Young Americans Having Less Sex, Likely Due to Stress & Trend of Taking Longer to Grow Up

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Young Americans are having less sex, according to a new study, likely due to the stress of modern life, easy access to online entertainment and a trend among adolescents and young adults of taking longer to grow up.

The study by San Diego State University researchers examined levels of sexual activity among young Americans between 2000 and 2018, ruling out social distancing from the coronavrius pandemic as a factor.

Published Friday in the medical journal JAMA Network Open, the study examined responses to a survey by more than 4,000 men and 5,000 women on the issue of sexual frequency and number of sexual partners.

It noted an increase in sexual inactivity during the study period among men aged 18 to 34, and women aged 25 to 34, with the increase among men mainly occurring among unmarried individuals.

"First, adolescents and young adults are taking longer to grow to adulthood. This includes the postponement of not just sexual activity but also other activities related to mating and reproduction, including dating, living with a partner, pregnancy, and birth," said Jean M. Twenge, professor of psychology at San Diego State University, in a commentary on the report.

"However, these reproductive trends have not occurred in isolation; instead, they are part of a broader cultural trend toward delayed development. For example, adolescents in the 2010s were also less likely to drive, drink alcohol, go out without their parents, and work at paid jobs compared with adolescents in previous decades."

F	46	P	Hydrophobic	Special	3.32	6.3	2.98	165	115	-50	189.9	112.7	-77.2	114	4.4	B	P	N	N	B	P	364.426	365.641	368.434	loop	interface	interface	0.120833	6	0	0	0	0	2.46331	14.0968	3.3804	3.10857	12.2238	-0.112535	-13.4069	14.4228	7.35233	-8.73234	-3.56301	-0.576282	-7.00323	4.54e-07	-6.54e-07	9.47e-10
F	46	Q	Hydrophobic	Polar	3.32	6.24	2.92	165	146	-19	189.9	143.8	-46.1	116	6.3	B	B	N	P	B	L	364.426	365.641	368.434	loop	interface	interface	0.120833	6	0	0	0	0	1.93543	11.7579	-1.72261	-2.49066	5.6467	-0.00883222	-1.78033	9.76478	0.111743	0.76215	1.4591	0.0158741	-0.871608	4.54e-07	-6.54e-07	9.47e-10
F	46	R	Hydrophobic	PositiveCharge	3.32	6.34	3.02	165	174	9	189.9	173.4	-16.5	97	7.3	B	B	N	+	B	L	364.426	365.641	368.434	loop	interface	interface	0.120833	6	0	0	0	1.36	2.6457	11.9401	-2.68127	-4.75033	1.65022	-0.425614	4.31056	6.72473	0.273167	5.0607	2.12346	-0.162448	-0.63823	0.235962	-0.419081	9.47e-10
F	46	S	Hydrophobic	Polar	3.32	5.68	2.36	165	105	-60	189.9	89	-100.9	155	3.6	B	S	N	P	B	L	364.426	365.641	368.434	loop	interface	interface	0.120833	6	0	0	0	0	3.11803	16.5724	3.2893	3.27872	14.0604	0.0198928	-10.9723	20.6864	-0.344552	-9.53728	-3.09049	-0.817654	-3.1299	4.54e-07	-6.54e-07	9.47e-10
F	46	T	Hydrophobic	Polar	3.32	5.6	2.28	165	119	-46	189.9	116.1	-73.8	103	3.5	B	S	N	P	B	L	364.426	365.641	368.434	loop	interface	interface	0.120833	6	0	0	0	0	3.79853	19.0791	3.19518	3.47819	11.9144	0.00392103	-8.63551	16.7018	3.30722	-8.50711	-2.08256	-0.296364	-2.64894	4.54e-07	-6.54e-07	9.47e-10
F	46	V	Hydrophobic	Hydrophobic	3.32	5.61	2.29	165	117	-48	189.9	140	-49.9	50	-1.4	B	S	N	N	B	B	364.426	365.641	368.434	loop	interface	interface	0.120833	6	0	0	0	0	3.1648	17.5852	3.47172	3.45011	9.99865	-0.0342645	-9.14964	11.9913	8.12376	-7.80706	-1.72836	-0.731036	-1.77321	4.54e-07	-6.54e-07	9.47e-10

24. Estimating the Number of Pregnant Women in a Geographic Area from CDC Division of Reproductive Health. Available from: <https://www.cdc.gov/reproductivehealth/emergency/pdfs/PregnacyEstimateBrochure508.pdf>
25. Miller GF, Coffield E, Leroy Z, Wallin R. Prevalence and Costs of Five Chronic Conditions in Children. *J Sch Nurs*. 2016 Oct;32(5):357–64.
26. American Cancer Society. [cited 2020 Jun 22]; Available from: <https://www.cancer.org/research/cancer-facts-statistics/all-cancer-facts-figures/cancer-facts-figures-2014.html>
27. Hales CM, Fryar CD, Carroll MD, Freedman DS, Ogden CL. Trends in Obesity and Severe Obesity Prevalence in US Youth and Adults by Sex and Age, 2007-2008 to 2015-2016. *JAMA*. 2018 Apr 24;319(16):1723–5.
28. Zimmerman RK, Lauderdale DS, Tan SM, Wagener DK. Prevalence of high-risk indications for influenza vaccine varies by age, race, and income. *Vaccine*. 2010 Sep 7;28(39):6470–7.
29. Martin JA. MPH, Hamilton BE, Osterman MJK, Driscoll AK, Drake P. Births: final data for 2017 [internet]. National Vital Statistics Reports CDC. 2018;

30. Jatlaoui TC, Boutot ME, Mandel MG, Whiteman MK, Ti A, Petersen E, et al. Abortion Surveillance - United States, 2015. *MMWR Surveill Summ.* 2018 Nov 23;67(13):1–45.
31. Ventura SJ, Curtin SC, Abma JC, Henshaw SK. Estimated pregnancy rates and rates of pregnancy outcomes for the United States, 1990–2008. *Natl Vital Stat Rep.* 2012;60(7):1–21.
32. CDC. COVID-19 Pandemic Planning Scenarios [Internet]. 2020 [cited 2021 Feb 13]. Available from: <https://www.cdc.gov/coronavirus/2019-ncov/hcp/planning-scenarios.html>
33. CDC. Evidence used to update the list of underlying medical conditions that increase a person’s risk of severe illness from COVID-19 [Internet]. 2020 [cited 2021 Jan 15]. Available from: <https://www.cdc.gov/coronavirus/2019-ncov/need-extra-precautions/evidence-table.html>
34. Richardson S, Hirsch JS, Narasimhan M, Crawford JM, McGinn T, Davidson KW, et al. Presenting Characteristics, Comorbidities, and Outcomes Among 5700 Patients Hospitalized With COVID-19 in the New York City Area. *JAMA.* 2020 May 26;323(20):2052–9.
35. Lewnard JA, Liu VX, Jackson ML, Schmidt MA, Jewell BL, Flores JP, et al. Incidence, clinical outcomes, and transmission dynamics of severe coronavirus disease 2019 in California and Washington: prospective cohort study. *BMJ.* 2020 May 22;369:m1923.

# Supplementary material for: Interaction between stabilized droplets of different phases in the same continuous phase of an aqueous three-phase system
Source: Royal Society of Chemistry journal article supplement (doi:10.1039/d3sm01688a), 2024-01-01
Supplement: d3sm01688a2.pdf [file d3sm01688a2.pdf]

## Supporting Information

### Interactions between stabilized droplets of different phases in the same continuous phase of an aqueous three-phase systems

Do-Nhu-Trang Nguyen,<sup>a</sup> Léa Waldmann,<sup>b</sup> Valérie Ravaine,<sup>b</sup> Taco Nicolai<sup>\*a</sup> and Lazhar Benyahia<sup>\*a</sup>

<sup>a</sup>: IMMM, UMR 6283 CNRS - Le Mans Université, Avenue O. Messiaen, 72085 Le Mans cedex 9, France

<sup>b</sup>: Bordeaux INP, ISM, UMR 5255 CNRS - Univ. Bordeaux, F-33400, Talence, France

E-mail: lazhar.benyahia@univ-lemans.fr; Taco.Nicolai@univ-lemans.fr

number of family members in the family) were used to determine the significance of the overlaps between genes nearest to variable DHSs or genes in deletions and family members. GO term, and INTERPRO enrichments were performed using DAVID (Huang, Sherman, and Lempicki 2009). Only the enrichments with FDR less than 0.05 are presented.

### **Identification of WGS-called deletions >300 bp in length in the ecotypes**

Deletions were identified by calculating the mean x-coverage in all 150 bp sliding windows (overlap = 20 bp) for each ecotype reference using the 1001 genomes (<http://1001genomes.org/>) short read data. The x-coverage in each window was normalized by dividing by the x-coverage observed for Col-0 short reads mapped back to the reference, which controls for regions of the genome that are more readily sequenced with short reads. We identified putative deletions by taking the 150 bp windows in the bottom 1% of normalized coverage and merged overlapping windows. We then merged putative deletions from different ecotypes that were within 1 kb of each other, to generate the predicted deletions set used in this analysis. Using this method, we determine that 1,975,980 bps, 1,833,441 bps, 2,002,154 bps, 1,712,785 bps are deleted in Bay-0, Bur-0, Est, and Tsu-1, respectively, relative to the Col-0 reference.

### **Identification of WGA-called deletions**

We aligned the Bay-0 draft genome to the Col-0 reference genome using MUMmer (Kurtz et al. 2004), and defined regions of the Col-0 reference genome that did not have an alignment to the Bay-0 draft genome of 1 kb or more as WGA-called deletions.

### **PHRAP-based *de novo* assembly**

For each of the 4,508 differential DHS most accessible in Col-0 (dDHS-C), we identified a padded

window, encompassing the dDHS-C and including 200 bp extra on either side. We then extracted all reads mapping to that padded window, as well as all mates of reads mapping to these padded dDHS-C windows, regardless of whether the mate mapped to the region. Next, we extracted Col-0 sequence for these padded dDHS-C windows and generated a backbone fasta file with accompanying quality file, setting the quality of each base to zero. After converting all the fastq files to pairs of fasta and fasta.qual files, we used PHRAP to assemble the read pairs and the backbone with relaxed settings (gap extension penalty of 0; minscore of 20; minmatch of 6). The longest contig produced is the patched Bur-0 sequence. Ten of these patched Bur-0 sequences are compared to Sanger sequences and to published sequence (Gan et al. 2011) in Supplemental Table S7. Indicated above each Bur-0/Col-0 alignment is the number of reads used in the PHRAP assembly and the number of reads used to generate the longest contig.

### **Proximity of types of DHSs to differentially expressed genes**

Twenge added: "It is more difficult to go out and engage in sexual activities when you are not financially independent of the parents." 

The study, authored by Peter Ueda, Catherine H. Mercer, and Cyrus Ghaznavi, also noted sexual inactivity was more common among men with lower income and without full-time employment, as well as among men and women who were students.

Researchers found the percentage of sexually inactive 18- to 24-year-old men increased from 18.9% between 2000 and 2002 to 30.9% between 2016 and 2018. The survey also found that approximately one-third of men in the 18- to 24-year-old group reported no sexual activity in the previous year.

For women, the study found sexual inactivity may also be associated with a greater prevalence of "hooking up" or casual sexual encounters, which the study said "has generally been reported to be less pleasurable for women." It also noted "potential increases in sexual aggression directed toward women."

Researchers found, however, that growing up slowly did not explain a decrease in sexual activity among older and married adults, also a feature in previous studies. They suggested that might be affected by the growth of the internet and digital media.

"Between the 24-hour availability of entertainment and the temptation to use smartphones and social media, sexual activity may not be as attractive as it once was," Twenge wrote. "Put simply, there are now many more choices of things to do in the late evening than there once were and fewer opportunities to initiate sexual activity if both partners are engrossed in social media, electronic gaming, or binge-watching."

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